Booker knew precisely whose resources he would tap to seize City Hall. His courting of the Hard Right was anything but secret. Alarms should have gone off throughout the national African American political community. With some exceptions, progressive Blacks were blind and deaf to the threat. (See, How to Spot a Black Trojan Horse, in this issue.)

Foundations and their think tank offspring do not need to directly fund their political favorites. All that is necessary to start the cash flowing is the proper signal, one that is understood by the faithful. Booker's luncheon speech was just such an announcement by the Manhattan Institute and its benefactors. "Cory is alright," it shouted. "He's one of us."

As if with the flip of a switch, the ultra-conservative money machine started churning out Booker contributions from around the nation, from sources with absolutely no material interest in Newark. That's the way ideological fundraising is done. The only thing unusual about the process was the recipient: a young Black man who was vouched for as an up-and-coming New Black Leader, someone who could be trusted to keep the faith on private school vouchers and, presumably, the rest of the Hard Right's political agenda. Plus, he just might win, providing a voice and pulpit for propaganda deep in the heart of urban America.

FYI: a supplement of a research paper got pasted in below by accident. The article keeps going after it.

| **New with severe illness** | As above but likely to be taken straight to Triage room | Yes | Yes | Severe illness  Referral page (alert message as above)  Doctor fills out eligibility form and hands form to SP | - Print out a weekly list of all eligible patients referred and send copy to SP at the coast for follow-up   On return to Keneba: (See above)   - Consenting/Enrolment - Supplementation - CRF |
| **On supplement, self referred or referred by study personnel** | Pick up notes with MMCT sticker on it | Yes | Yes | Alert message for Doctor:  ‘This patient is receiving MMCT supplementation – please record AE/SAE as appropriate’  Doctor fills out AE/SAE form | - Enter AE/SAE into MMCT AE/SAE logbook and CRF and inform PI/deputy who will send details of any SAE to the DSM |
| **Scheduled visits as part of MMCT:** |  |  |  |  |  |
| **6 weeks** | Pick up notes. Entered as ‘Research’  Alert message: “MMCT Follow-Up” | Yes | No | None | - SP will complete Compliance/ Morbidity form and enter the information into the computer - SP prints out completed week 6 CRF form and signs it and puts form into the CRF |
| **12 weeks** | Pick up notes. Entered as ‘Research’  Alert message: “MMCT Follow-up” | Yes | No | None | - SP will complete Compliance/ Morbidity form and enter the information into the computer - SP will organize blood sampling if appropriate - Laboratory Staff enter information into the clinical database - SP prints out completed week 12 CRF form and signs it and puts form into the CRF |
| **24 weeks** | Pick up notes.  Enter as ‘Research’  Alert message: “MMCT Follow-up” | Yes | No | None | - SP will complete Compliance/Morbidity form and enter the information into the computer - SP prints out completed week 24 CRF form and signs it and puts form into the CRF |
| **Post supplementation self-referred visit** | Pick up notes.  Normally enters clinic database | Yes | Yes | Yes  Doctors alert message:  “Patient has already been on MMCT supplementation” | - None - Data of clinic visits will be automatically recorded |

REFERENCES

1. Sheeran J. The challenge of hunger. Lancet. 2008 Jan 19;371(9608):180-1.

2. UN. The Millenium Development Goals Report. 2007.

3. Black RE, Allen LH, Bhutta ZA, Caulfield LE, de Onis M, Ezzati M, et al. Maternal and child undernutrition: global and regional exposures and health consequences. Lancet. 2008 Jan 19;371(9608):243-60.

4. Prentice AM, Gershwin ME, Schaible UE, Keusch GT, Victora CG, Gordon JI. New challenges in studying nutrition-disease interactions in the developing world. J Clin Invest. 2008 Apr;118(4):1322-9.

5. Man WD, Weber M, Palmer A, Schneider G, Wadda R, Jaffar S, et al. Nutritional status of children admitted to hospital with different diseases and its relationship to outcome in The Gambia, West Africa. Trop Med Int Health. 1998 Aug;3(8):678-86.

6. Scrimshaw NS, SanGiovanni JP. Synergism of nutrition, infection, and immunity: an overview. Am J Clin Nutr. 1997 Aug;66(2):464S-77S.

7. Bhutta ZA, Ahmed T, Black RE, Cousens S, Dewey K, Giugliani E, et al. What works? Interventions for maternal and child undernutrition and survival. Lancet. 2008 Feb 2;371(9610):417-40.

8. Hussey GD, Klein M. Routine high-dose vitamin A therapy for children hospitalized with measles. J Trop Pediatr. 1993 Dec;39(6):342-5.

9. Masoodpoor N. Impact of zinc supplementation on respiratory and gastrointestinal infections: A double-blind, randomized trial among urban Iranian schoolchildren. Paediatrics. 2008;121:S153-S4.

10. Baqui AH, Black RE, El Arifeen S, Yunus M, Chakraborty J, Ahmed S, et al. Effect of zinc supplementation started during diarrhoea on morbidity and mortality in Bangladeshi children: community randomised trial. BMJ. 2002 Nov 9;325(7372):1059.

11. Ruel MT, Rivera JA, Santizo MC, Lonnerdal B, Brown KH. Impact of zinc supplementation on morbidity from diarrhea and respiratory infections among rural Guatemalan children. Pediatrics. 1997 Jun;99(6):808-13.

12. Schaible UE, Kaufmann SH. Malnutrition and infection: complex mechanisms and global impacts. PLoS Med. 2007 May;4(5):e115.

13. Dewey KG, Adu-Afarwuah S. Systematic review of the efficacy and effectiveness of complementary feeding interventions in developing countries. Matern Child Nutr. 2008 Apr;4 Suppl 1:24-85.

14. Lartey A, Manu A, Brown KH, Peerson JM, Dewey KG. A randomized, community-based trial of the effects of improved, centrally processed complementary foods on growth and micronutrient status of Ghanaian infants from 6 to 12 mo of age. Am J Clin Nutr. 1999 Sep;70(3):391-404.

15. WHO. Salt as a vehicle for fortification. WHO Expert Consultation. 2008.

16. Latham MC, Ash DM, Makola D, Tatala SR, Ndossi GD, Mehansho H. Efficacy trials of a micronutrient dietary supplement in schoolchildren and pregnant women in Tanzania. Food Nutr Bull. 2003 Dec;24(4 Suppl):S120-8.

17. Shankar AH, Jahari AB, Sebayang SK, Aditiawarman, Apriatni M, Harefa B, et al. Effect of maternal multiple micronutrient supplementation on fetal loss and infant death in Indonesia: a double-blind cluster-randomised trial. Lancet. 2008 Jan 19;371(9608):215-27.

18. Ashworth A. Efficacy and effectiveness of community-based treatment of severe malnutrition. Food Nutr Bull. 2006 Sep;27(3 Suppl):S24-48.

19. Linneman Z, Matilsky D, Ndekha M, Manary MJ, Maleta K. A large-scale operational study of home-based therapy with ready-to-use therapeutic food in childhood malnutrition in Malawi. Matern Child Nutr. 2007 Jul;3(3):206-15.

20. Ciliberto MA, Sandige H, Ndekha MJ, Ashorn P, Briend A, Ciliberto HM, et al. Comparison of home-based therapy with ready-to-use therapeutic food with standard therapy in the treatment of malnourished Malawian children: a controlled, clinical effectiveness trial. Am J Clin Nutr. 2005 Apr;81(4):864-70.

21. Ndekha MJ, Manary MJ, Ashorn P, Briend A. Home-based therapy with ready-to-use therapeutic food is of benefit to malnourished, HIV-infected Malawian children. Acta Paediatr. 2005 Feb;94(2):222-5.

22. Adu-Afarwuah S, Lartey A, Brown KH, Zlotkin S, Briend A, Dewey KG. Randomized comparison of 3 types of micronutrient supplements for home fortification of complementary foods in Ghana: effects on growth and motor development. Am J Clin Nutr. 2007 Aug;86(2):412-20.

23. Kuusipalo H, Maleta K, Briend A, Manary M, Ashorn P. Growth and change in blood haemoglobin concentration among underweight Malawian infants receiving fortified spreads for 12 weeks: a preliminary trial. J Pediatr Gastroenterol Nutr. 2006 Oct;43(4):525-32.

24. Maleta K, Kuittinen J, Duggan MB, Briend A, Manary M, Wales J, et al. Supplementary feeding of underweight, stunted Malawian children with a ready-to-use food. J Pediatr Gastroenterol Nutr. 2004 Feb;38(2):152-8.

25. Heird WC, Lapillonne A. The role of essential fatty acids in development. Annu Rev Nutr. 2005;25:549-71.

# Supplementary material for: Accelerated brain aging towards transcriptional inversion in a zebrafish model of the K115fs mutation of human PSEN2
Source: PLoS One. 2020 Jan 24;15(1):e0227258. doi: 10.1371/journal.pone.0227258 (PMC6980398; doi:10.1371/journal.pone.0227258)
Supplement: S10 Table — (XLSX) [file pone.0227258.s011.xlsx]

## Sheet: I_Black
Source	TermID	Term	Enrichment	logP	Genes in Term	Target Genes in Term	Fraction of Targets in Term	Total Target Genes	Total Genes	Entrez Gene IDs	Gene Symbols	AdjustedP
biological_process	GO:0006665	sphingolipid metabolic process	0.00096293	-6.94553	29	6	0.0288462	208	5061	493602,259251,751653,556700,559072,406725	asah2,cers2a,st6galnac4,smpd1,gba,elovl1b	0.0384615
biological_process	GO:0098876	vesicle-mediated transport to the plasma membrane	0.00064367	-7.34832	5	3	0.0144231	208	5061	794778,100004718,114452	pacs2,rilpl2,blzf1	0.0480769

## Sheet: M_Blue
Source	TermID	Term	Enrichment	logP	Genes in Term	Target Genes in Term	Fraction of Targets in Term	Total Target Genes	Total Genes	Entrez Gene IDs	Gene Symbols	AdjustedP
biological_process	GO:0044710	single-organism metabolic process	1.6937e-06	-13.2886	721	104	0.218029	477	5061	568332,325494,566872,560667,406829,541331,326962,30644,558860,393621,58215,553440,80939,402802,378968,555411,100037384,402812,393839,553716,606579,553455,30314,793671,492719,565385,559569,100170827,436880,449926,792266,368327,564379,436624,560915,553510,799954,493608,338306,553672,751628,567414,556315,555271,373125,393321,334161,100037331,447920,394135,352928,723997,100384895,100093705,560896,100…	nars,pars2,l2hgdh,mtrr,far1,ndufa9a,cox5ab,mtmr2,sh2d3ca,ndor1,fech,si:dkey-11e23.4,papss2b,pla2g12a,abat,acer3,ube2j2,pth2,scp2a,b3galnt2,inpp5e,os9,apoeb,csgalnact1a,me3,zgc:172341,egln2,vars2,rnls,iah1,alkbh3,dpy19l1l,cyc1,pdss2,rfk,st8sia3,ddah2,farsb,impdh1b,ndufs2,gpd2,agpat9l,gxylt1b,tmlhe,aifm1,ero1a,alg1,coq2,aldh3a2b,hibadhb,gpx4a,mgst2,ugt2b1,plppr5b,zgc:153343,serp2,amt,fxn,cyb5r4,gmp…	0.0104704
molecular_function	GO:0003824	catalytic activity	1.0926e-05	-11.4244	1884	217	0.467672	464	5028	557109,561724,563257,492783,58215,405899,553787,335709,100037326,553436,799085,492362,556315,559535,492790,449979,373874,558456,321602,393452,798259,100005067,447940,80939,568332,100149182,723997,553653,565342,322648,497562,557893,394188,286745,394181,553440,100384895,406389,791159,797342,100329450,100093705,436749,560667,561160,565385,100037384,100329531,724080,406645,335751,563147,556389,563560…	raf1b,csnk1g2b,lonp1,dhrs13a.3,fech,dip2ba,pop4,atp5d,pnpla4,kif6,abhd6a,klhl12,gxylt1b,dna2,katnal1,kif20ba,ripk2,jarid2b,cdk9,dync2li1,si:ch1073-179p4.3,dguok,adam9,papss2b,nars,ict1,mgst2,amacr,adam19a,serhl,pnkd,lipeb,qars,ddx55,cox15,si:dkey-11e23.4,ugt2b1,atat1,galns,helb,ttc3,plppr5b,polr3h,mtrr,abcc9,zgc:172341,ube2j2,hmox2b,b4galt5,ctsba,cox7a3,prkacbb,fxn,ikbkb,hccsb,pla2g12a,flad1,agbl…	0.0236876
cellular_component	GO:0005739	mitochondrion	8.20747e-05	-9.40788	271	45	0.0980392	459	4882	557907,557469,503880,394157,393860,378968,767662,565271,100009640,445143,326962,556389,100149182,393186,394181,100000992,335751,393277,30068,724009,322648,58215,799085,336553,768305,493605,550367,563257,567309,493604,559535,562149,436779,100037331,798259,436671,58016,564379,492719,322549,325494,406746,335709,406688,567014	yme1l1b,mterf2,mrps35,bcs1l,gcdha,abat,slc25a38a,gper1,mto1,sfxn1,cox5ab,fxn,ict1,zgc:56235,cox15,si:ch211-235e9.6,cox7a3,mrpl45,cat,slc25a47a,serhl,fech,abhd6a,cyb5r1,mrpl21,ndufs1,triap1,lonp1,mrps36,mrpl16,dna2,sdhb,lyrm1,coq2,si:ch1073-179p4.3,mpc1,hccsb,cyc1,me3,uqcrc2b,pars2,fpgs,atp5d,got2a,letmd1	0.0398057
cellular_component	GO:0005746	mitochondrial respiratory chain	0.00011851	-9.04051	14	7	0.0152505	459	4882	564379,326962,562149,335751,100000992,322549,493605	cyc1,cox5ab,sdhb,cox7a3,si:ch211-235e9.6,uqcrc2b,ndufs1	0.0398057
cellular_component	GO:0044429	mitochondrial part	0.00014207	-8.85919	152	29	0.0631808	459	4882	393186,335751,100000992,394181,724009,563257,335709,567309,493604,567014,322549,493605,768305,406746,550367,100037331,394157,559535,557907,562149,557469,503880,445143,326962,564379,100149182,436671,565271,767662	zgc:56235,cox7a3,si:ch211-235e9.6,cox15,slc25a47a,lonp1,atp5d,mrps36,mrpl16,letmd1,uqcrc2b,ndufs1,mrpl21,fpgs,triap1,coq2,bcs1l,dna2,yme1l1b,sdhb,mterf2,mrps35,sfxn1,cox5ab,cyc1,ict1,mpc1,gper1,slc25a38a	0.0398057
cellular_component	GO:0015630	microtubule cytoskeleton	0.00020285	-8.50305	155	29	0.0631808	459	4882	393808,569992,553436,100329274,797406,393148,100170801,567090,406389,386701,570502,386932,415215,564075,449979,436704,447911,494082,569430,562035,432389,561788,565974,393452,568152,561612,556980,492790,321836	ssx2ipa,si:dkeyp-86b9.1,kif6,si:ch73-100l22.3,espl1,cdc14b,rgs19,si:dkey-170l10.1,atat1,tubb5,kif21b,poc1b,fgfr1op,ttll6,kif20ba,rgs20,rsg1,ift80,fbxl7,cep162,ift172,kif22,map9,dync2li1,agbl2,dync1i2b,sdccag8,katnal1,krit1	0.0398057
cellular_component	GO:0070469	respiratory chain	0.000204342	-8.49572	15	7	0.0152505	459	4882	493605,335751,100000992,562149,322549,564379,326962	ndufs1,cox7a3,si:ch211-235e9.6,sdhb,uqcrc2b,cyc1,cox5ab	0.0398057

George F. Will's syndicated howling served the same purpose. Keep the money flowing, he encouraged his Hard Right brethren. Send Booker your consultants. Don't worry about the tab.

Anyone who thought that Black and brown Newark was the intended audience for Will's March 17 column has no idea how money and politics work in the U.S. Will was sending a money message. The Hard Right invented this game. The process enthralls Booker, a smart, articulate lawyer with no loyalty whatsoever to his own people-the ultimate careerist.

Confusion in the Ranks

On Broad Street in Newark, Sharpe James' administration initially failed to understand the nature and extent of Booker's deepening connections. Not until the last month of the contest did the mayor aggressively point out Booker's associations, calling him "a closet Republican for vouchers," and tailoring his media messages, accordingly.

The first domino to fall is often the last to know. The next big city Black target will not have that excuse, nor will he or she necessarily possess the organizational advantages that allowed Sharpe James to overcome an all-out media and money assault.

In our April 5 and May 8 issues, exhaustively documented Booker's alliances with African America's historic foes. Printouts of our articles were widely circulated by the James campaign during the final weeks. We know we made a difference. However, unless Black leadership begins an intense discussion of the new electoral threat from the Right, Blacks will remain vulnerable to the enemy's institutional clout.

Cory Booker's career path among the arch-conservatives is already set. He didn't sound a bit worried when the final numbers came in. "We lost one skirmish tonight, but the battle continues," Booker told his friendly local newspaper. "I was called many creative names during this campaign. But let me tell the entire city and the nation that I have only begun to fight for the people."

We know which people he's talking about.

There are plenty of Cory Bookers out there. The Hard Right's coffers are full. Be prepared.

Issue Number 3 - May 16, 2002

Special Edition